This gets me through the gates and into the office. One of the reasons why it’s good for a screenwriter to live in Los Angeles is you can do things in person - which gets you on the lot and into the producer’s office where they will see you and remember you and you may end up with another job. Woody Allen says 80% of anything is just showing up. I probably landed a couple of assignments just by showing up in person to pick up a check or look at poster art or drop off some paperwork. If you show up at the office at the same time they are looking for a writer, you may end up with a gig. Even if they don’t have an assignment, this is a business of relationships - and showing up in person is a great way to keep that relationship with the company at the forefront of their minds. You tell a couple of jokes while you are there and shake some hands and high five some people and this reminds them of what a great guy you are to work with. Thought I don’t expect some other gig to result from me dropping off the DVD, maybe I’ll find out what’s going on... if Octo-Mom is there getting rewrite notes...

But instead of Octo-Mom, I talk to the head of production who fills me in, sort of. He tells me they have a new star who likes the script (right age, even though he doesn't look it), their director choice is still interested (but I get the feeling this guy is fielding offers and will pick the one he likes most), and everything is still moving forward... slowly.

It’s not that they are keeping me out of the loop on purpose, it’s just that at this point of the deal I am not even part of the loop. The writer has nothing to do with signing actors and directors and putting together the package that gets the producer the best possible studio deal (my deal does not change, even if he gets paid twice as much money). So they are off doing their thing and I am off doing mine. No news is not bad news...

But after a couple more weeks my paranoia is back, and I’m getting ready to call or e-mail the producer when I get an e-mail from him. From the actual producer. And it says more than "Fine". Octo-Mom *is* rewriting my script! That is why she hasn’t been taking care of her kids and Gloria Allred is fighting mad...

No. Just an update. Though I suspect there may actually be someone else doing some script tweaks (or that might just be my paranoia), the news is: it seems like they have a star interested, that director is still interested, and they are going after (and probably have by now) the sidekick actor - a TV star who has played *the lead* in at least one movie I have seen. What’s interesting to me about the casting of this sidekick role is that they have picked someone who resembles the actor who played the role in the original film... rather than someone who resembles the character in my script. The script was written to open up the possibilities for casting by giving more character to the character - making them more than just a sidekick. The actor they have is great, but one of the strange things about a remake is that everyone has a preconceived notion of what the characters should be and what the story should be and how each scene should play out... because they keep thinking of the original film. This limits the possibilities of the remake, instead of opening up the remake to something that isn’t just a carbon copy. Sometime in the future, when the statute of limitations on this project have expired, I’ll probably talk about the difficulties of writing a remake. Do you just remake the original or do you use the original as a jumping off point for something different?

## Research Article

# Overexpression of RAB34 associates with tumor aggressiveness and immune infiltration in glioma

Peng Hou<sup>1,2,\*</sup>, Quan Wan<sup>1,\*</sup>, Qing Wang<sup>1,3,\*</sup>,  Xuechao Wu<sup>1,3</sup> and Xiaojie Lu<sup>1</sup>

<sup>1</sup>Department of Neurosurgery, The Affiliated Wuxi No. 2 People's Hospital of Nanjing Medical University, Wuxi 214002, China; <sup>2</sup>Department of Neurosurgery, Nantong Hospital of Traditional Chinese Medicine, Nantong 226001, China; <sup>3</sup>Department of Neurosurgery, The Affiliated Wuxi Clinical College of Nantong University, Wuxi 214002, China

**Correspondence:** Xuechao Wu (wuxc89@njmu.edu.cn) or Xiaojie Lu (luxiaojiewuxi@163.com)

But it seems like they are sticking with their initial director choice, no mention at all of the DVD I left them. This isn’t a big deal, their director is “hot” right now. But “hot” is one of those funny things in Hollywood. I am not “hot” - I’ve been around too long. To be “hot” in Hollywood, you must be mostly *potential*. Their hot director came from another occupation in the film biz where he was very successful, and has made one film which happens to be in this genre... which has not been released. The director I suggested has made a film in this genre which has been released and got excellent reviews but wasn’t a big hit. As strange as this sounds, their director’s unreleased film has the *potential* to be a massive hit! So the less actual experience you have, the more *potential* you have. More on *potential* when I post part 2 in a couple of days...